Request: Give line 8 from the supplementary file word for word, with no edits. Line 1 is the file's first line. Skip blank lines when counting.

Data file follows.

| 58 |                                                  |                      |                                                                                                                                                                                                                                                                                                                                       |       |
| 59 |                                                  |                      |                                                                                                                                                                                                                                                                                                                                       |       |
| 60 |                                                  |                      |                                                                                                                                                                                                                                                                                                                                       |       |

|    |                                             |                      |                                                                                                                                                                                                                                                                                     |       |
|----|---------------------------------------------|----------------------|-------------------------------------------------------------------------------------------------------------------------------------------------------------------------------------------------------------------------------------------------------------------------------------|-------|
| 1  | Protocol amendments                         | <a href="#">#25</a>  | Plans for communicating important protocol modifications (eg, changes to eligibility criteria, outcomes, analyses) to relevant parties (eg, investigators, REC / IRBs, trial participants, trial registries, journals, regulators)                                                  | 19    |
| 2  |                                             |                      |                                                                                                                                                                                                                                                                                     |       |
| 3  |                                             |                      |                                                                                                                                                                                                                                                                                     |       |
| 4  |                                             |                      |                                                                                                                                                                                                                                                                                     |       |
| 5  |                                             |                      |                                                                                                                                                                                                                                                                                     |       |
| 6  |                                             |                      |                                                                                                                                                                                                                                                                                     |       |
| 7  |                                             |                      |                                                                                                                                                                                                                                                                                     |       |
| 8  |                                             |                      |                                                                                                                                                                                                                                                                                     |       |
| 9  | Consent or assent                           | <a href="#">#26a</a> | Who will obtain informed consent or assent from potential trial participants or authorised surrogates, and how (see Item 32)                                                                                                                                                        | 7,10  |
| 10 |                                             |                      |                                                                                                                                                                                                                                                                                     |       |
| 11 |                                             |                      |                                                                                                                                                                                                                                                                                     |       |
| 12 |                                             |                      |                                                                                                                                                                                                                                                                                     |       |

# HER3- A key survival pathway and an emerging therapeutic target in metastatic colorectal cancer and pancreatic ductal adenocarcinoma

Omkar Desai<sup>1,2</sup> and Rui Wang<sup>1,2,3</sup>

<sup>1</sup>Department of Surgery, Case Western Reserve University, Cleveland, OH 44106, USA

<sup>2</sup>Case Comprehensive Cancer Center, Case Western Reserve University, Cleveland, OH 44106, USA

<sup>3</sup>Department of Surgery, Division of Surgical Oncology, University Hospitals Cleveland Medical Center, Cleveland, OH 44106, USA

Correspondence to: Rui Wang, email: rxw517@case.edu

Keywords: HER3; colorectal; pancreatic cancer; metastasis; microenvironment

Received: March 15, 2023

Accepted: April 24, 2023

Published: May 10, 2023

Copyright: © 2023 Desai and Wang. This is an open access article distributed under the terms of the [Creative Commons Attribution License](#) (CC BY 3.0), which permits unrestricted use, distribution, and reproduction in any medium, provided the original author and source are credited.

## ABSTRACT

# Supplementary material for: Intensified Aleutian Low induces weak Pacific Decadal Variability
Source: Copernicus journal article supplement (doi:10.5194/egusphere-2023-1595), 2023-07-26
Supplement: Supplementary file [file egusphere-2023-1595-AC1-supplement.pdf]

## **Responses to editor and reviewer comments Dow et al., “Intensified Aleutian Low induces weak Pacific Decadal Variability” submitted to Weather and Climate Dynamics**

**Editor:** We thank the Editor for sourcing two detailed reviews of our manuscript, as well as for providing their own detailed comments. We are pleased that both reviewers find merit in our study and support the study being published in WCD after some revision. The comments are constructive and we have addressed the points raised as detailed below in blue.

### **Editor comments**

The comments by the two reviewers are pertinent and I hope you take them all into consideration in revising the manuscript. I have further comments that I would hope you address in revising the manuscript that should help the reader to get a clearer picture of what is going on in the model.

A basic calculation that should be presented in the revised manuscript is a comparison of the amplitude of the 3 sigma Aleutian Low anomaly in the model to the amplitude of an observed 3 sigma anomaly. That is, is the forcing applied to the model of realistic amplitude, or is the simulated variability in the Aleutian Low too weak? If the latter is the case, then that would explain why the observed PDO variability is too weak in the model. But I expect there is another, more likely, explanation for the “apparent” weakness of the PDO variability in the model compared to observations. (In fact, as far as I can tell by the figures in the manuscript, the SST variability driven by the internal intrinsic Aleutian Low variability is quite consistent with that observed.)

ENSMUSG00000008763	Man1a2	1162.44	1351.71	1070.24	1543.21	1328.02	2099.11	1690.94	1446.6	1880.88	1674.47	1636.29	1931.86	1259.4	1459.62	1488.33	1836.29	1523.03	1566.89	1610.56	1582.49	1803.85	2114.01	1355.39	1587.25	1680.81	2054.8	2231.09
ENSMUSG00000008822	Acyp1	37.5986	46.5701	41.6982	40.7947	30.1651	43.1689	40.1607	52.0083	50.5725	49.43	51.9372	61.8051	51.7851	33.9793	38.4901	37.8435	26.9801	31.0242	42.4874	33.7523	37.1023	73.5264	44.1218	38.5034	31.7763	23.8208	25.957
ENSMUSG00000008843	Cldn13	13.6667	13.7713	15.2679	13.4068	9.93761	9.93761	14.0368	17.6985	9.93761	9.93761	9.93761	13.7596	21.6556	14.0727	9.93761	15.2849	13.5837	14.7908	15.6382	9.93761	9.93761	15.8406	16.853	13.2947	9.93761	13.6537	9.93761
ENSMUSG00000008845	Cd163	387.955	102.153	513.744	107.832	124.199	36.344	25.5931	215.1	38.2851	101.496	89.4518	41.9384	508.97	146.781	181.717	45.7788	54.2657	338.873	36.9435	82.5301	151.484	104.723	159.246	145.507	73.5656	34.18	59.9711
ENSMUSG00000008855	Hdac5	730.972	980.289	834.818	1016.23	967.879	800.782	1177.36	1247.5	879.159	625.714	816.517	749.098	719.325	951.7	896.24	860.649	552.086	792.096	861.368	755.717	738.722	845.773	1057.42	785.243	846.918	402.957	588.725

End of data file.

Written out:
| 3  |                                             |                      |                                                                                                                                                                                                                                                                                     |       |